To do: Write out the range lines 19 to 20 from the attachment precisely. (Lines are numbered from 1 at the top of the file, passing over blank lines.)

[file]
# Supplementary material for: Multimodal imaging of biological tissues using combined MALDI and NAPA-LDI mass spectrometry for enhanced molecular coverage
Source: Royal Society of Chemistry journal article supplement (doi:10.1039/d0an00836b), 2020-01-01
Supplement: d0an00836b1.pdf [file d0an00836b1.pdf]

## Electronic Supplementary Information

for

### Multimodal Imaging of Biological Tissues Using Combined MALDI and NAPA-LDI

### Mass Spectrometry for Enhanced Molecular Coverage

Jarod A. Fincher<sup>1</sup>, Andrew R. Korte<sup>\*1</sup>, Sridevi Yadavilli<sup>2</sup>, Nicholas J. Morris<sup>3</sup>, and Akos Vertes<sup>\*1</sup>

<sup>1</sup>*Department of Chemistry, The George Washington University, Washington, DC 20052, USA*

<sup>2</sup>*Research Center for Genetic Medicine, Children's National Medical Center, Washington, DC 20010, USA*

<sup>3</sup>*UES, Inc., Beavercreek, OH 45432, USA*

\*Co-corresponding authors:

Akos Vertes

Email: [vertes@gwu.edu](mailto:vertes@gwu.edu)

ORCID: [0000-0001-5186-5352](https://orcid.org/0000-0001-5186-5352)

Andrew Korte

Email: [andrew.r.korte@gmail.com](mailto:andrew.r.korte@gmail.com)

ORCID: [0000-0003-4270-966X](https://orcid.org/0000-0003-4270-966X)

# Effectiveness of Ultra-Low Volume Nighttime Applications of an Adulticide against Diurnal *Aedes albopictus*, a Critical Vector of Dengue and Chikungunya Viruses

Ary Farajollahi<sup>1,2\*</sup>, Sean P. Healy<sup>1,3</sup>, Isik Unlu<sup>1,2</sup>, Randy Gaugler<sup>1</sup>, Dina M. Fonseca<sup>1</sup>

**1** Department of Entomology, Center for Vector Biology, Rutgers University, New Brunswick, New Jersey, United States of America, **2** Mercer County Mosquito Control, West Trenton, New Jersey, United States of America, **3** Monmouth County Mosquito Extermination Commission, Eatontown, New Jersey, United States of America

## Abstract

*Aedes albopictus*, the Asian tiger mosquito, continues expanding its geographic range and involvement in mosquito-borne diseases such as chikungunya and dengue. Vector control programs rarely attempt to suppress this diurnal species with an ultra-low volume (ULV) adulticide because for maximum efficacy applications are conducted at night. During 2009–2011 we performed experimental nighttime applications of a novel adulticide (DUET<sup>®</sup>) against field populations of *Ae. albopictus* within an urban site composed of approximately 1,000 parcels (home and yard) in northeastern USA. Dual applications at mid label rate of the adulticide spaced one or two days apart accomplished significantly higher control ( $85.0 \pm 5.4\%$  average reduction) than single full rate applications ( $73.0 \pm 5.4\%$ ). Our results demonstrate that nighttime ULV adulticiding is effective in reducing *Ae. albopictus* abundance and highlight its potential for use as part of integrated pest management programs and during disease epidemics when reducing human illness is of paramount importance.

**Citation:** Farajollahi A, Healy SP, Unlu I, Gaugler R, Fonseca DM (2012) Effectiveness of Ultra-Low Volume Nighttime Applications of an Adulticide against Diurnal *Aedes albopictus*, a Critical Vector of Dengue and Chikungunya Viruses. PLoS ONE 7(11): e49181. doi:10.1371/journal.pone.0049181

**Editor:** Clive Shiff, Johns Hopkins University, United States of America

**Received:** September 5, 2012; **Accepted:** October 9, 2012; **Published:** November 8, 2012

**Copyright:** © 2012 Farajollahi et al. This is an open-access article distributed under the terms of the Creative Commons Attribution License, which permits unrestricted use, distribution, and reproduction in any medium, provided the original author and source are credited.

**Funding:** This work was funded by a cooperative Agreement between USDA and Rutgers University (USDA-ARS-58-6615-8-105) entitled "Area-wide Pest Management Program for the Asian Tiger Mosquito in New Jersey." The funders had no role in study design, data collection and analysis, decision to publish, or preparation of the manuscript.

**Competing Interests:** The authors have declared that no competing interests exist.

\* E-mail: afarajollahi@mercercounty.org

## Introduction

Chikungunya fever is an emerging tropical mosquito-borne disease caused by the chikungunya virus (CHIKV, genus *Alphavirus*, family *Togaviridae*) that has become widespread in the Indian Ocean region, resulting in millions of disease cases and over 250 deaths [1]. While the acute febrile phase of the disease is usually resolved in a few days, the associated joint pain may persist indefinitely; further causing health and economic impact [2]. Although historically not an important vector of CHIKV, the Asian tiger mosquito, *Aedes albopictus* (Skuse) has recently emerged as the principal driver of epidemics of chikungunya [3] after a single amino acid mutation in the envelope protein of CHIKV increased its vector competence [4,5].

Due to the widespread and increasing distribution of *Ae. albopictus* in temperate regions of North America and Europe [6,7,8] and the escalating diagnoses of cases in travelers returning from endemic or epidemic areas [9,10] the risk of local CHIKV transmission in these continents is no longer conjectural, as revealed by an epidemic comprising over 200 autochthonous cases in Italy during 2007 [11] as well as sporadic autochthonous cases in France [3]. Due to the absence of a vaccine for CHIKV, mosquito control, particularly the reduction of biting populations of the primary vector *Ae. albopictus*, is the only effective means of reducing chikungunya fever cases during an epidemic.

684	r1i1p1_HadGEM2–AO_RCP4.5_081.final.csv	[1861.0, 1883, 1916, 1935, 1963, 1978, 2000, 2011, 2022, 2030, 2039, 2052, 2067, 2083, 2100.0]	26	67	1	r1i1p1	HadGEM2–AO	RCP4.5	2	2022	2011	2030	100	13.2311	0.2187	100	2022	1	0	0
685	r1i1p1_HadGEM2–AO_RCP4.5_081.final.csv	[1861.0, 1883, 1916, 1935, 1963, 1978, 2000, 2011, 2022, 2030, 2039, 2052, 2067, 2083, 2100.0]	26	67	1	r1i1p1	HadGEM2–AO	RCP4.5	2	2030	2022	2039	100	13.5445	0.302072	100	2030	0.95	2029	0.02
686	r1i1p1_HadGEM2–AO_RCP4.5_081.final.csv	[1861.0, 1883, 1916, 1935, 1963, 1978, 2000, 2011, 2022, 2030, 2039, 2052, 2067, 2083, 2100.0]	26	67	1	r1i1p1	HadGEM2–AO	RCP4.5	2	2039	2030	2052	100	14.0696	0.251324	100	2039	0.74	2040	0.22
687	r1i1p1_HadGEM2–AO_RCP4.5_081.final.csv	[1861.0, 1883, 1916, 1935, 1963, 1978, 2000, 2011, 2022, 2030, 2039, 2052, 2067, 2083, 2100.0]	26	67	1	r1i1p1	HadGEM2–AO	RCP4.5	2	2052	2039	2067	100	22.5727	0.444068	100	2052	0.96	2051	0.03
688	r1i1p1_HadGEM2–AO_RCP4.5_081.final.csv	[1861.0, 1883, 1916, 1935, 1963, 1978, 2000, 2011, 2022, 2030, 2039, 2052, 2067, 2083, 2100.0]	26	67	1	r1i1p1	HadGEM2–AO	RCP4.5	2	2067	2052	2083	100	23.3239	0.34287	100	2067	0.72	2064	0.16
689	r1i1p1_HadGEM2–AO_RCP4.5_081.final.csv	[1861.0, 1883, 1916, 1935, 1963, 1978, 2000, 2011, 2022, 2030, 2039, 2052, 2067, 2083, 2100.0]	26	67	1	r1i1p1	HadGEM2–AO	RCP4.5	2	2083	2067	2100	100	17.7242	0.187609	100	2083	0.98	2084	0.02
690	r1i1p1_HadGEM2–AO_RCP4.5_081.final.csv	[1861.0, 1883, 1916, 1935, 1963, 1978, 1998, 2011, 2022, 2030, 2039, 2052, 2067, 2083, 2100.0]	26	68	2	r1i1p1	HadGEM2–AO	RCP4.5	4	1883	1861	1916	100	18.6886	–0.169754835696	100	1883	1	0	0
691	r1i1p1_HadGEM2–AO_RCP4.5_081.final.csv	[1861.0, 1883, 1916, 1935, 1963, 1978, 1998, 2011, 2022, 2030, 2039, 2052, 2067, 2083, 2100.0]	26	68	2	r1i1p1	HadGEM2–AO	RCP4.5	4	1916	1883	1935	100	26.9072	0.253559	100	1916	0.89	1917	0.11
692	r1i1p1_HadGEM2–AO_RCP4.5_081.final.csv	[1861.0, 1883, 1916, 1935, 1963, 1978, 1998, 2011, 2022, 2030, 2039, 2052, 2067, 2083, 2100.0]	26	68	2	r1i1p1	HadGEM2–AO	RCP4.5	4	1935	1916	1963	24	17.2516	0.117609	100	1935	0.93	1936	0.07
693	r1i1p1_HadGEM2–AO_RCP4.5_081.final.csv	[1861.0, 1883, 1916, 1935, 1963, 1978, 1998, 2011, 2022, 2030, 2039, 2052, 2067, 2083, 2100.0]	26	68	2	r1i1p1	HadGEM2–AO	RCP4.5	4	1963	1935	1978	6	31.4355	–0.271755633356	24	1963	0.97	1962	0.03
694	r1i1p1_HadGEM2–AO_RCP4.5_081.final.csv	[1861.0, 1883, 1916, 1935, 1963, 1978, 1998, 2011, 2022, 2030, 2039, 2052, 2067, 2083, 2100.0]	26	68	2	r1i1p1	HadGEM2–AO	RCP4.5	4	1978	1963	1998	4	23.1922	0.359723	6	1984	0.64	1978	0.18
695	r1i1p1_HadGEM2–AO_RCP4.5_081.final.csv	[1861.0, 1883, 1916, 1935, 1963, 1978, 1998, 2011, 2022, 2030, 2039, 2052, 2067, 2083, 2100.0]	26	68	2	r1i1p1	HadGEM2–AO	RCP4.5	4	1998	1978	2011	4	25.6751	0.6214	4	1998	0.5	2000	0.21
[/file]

# Effectiveness of Ultra-Low Volume Nighttime Applications of an Adulticide against Diurnal *Aedes albopictus*, a Critical Vector of Dengue and Chikungunya Viruses

Ary Farajollahi<sup>1,2\*</sup>, Sean P. Healy<sup>1,3</sup>, Isik Unlu<sup>1,2</sup>, Randy Gaugler<sup>1</sup>, Dina M. Fonseca<sup>1</sup>